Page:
Las Vegas has an NHL stadium in the T-Mobile Arena and the Golden Knights training facilities. Atlantic City’s facilities might not be as shiny and new, but they have adequate resources as well. Boardwalk Hall has long been home to ice hockey, and can quickly be converted back to an NHL style rink. The city also has a Philadelphia Flyers branded “skate zone” a few miles away from the Boardwalk as well.

Although Atlantic City lacks the number of hotel rooms available compared to Las Vegas, there are still nine major casino hotels. Additionally, there are several other reputable non-casino hotels. Anyone who’s made the long drive down to A.C. knows there are a few rather unfavorable motels just outside city limits. You know, the type of motel that looks like an unlicensed plastic surgeon in working out of the third floor. Don’t worry, the NHL will stay away from those.

As for transportation, Atlantic City is just a few hour drive away from almost all of the Metropolitan Division, except for the Carolina Hurricanes. Atlantic City International Airport is a few miles away, though technically not in Atlantic City. While it’s a rather small airport compared to the type NHL players are used to flying into, it’s still a commercial airport that would be capable of handling team arrivals if plane travel was needed.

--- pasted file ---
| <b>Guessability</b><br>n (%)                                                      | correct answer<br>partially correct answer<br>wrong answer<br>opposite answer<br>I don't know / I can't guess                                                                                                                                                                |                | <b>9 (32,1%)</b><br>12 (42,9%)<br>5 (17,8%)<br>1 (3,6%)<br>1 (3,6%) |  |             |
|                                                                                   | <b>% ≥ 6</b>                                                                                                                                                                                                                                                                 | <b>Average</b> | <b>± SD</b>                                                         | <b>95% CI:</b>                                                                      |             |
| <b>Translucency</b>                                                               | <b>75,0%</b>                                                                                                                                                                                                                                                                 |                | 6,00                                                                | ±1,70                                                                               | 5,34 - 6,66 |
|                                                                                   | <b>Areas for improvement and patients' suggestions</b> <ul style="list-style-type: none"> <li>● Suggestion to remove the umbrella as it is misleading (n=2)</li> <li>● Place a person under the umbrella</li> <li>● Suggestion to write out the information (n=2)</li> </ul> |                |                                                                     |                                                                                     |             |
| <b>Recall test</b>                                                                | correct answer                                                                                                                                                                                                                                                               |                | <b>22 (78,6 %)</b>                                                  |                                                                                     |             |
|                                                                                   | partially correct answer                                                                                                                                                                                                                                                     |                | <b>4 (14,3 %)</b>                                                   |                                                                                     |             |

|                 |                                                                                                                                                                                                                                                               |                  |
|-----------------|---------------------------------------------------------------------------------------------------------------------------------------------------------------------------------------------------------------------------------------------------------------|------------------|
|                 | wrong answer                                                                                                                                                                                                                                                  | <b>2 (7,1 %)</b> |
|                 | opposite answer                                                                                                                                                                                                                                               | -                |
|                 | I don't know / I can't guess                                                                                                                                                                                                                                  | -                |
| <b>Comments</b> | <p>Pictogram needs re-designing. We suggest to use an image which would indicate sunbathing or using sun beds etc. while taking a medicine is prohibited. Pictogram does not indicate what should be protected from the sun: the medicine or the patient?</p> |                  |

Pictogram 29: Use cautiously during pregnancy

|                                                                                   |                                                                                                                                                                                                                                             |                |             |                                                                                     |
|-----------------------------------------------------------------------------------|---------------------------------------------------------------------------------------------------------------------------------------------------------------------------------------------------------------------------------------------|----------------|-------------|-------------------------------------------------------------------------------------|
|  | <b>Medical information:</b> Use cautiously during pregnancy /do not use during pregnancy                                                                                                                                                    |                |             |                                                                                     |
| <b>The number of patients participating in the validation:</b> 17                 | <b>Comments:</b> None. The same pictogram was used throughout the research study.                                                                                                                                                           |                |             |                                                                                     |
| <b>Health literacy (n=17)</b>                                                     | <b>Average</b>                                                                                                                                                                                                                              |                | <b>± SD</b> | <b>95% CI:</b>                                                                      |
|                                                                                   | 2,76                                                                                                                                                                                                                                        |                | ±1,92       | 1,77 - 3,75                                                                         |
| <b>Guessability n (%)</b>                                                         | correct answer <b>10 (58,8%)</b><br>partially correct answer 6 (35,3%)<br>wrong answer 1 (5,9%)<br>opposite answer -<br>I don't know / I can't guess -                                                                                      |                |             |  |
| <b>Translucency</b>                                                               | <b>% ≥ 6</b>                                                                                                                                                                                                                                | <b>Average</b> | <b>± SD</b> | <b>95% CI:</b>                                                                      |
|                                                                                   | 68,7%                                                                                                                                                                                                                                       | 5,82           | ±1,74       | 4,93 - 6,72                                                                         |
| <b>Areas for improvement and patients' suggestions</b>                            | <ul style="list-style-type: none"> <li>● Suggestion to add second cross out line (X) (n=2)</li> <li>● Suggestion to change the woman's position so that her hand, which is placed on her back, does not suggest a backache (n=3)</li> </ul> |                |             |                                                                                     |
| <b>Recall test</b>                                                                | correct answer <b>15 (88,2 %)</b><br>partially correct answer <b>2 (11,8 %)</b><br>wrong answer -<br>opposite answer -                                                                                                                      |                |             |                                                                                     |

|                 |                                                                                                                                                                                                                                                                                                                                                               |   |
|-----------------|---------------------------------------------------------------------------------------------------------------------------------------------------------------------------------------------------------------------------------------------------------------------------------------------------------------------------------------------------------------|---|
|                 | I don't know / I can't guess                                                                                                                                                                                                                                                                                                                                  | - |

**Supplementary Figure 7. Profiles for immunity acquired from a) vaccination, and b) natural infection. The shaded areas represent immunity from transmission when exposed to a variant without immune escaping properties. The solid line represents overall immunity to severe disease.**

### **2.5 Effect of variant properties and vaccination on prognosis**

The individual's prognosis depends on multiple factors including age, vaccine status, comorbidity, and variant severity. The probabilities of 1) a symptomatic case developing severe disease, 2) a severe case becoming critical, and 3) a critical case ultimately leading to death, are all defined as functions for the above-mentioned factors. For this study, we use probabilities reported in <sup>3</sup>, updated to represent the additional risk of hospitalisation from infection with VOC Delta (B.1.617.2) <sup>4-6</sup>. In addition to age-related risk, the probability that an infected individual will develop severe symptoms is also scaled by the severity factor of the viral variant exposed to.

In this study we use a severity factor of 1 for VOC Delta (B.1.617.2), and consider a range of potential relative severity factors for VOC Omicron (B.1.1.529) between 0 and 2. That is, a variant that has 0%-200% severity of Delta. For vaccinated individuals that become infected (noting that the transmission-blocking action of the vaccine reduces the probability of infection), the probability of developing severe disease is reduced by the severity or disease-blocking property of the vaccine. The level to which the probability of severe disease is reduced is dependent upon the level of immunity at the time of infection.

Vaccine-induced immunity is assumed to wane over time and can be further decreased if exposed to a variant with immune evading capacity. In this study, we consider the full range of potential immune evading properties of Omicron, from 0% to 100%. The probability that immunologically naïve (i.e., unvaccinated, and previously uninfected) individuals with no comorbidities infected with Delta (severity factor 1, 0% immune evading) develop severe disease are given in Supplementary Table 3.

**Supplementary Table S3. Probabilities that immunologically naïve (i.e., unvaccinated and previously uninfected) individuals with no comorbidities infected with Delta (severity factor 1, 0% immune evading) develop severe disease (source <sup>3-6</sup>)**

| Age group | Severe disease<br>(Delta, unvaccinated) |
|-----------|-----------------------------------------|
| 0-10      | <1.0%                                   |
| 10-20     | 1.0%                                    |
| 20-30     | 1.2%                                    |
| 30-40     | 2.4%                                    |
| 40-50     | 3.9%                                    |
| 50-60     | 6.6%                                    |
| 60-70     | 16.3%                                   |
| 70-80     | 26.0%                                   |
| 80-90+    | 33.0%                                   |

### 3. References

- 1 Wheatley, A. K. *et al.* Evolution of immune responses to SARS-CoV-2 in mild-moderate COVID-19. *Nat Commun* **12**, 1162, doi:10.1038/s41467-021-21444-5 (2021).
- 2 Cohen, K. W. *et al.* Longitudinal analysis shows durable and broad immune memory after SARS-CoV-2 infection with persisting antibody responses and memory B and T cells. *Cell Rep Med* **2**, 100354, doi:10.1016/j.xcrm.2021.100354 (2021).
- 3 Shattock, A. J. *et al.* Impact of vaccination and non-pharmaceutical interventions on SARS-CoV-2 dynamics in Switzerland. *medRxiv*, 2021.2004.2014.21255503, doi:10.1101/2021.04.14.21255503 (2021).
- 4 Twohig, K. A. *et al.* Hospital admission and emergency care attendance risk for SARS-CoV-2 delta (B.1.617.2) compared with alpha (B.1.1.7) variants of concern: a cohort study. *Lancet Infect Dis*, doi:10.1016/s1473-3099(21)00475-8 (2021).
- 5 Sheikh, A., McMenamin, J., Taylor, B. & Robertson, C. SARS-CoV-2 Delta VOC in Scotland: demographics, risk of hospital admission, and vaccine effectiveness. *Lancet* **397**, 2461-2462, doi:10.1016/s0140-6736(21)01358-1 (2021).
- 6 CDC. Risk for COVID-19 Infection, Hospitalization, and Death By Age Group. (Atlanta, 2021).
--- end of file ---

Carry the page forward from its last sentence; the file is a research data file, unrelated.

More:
As with any NHL game or event, medical professionals will need to be on standby. Although I can heal most of the wounds Atlantic City gives me with a complimentary Coors Light and a 3:00 AM rally at the craps table, NHL players need top-line medical attention. Well, the city is served by the AtlantiCare Regional Medical Center, filling that requirement.

Credit to the press of Atlantic City

Here is the most interesting piece of the puzzle. When the NBA was searching for possible sites a few months back, Atlantic City’s mayor admitted he was trying to convince the NBA to consider Atlantic City. If the city would roll out the red carpet one sports league, it’d most likely do it for another as well.

The Problems

Atlantic City, as a community, shares a lot of the same concerns as Las Vegas. These include the concerns that kept professional sports out for that city for so long. Atlantic City is a more gambling focused city than Las Vegas, which diversified its entertainment offerings compared to its cousin on the East Coast. Any problems would lie in the casinos.

Luckily, for hockey, the NHL has largely avoided any gambling-related problems involving the Golden Knights operations. Unfortunately, there have been a few exceptions. On the gambling side, there was Evander Kane’s gambling dispute with a Vegas casino. This happened when his San Jose Sharks were playing the Vegas Golden Knights in the NHL playoffs. And then there was the time Evgeny Kusnetsov went skiing, and not the type Lindsey Vonn is used too.

If the NHL could do damage control in Vegas, they can do it in Jersey. Of course, any outstanding details can be worked through. Atlantic City may not be a sure bet, but it’s worth Gary Bettman taking a look at.